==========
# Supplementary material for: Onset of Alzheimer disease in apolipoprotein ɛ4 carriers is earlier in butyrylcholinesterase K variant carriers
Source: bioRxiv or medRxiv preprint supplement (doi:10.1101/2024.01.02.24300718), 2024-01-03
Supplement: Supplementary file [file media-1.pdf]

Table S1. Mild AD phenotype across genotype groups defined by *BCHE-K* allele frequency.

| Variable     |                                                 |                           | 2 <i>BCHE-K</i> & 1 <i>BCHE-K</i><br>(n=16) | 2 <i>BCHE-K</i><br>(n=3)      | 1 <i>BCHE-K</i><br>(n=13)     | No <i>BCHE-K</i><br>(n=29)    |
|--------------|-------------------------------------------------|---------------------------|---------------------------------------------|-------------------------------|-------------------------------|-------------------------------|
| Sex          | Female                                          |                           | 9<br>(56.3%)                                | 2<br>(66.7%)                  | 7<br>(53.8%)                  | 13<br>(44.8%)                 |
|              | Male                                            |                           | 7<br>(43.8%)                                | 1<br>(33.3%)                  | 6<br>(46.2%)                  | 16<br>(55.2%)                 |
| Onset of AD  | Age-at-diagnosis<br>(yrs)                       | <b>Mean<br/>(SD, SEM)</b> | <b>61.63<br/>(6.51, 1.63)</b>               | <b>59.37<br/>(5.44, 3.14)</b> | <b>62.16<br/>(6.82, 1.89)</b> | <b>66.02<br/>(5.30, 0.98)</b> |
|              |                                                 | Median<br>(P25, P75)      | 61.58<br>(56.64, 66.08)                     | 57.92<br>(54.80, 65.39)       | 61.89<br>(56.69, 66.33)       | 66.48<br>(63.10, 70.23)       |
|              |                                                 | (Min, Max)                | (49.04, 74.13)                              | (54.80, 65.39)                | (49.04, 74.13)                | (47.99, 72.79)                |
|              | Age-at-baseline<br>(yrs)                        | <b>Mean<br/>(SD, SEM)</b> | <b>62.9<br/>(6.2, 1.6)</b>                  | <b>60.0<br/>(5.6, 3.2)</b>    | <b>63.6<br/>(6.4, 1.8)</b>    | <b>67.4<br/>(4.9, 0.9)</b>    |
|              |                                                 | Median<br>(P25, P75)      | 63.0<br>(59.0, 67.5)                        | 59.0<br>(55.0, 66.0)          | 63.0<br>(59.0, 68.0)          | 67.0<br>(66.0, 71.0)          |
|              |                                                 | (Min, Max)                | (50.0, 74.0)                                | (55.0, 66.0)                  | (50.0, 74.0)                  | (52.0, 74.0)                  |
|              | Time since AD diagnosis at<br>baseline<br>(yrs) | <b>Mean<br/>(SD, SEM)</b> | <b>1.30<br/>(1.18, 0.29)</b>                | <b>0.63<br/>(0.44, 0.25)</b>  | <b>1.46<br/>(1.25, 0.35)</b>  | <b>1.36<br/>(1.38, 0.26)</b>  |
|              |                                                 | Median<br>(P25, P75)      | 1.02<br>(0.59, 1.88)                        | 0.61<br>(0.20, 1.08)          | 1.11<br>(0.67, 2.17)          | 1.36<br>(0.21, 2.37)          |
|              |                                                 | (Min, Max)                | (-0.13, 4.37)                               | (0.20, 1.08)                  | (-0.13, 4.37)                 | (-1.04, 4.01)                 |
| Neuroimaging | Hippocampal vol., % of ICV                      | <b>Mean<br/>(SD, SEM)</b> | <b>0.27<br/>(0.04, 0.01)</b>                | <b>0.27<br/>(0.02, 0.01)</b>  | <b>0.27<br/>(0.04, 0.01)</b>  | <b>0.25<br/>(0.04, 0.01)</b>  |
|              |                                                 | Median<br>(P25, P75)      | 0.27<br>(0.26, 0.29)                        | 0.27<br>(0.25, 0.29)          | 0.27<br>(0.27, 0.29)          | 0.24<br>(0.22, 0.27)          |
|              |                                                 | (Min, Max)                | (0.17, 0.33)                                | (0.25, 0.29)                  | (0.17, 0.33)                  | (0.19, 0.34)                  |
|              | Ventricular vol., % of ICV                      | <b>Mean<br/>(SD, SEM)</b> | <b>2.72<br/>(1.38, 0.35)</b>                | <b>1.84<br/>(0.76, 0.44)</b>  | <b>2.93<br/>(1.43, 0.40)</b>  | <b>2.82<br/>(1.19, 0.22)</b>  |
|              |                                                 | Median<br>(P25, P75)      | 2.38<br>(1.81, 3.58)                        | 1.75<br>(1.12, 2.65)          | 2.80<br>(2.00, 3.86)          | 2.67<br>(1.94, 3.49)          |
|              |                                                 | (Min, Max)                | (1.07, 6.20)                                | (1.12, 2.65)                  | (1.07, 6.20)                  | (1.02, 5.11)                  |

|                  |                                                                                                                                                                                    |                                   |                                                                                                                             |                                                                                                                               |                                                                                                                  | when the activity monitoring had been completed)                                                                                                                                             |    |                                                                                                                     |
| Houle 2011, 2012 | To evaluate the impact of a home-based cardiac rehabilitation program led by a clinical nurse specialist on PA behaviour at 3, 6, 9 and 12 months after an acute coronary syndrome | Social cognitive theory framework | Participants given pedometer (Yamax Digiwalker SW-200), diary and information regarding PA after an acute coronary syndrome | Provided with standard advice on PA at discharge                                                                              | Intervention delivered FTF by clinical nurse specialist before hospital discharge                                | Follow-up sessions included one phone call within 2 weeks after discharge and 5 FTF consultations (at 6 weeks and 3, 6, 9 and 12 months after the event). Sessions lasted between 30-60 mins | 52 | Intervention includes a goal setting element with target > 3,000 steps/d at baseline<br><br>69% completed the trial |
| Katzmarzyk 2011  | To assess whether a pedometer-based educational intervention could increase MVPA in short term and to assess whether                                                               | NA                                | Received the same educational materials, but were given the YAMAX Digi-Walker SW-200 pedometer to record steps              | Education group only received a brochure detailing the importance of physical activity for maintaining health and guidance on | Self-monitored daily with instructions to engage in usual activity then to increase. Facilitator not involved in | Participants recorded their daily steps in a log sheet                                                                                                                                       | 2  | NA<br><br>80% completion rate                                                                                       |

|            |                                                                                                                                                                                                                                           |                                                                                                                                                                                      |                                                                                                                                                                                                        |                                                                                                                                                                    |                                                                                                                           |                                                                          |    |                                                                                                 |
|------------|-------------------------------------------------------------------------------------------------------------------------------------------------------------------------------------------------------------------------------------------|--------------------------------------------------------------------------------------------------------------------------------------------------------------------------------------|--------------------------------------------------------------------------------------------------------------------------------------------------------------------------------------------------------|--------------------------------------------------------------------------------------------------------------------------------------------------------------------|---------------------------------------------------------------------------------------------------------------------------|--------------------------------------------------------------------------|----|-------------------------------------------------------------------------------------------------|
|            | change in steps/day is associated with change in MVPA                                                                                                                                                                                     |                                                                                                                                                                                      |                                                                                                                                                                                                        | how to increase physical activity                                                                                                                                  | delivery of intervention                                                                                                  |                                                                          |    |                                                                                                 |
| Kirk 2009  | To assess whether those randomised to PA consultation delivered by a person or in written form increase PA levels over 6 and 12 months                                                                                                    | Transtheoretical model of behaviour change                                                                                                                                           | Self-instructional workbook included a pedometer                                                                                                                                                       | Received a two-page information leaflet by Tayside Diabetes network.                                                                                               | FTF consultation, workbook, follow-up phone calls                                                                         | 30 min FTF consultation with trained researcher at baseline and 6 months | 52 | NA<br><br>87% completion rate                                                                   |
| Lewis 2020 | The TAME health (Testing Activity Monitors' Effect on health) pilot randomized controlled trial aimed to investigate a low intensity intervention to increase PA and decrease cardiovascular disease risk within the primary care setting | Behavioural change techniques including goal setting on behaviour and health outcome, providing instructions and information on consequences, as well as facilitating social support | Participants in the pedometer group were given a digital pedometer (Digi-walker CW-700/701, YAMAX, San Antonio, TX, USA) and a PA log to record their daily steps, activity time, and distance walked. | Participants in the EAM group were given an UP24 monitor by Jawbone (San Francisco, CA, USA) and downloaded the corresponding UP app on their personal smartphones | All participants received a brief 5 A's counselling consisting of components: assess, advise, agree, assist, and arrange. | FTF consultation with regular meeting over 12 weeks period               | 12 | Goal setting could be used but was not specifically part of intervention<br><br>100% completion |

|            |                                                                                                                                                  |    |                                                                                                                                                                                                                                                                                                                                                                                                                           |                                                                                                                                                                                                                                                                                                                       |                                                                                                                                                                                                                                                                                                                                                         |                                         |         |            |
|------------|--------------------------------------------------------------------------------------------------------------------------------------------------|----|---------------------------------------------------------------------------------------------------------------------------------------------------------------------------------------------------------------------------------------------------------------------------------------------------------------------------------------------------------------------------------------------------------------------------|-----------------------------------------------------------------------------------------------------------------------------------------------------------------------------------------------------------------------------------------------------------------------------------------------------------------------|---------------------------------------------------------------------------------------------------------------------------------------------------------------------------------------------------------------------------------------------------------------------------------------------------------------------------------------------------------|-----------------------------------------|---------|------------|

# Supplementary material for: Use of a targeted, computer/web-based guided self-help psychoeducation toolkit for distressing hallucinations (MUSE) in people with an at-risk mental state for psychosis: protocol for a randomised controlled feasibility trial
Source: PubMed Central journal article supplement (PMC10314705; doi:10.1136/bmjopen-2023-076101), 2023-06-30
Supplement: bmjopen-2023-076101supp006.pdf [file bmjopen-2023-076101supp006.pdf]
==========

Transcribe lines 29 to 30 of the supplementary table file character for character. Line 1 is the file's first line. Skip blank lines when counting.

|            | change in steps/day is associated with change in MVPA                                                                                                                                                                                     |                                                                                                                                                                                      |                                                                                                                                                                                                        | how to increase physical activity                                                                                                                                  | delivery of intervention                                                                                                  |                                                                          |    |                                                                                                 |
| Kirk 2009  | To assess whether those randomised to PA consultation delivered by a person or in written form increase PA levels over 6 and 12 months                                                                                                    | Transtheoretical model of behaviour change                                                                                                                                           | Self-instructional workbook included a pedometer                                                                                                                                                       | Received a two-page information leaflet by Tayside Diabetes network.                                                                                               | FTF consultation, workbook, follow-up phone calls                                                                         | 30 min FTF consultation with trained researcher at baseline and 6 months | 52 | NA<br><br>87% completion rate                                                                   |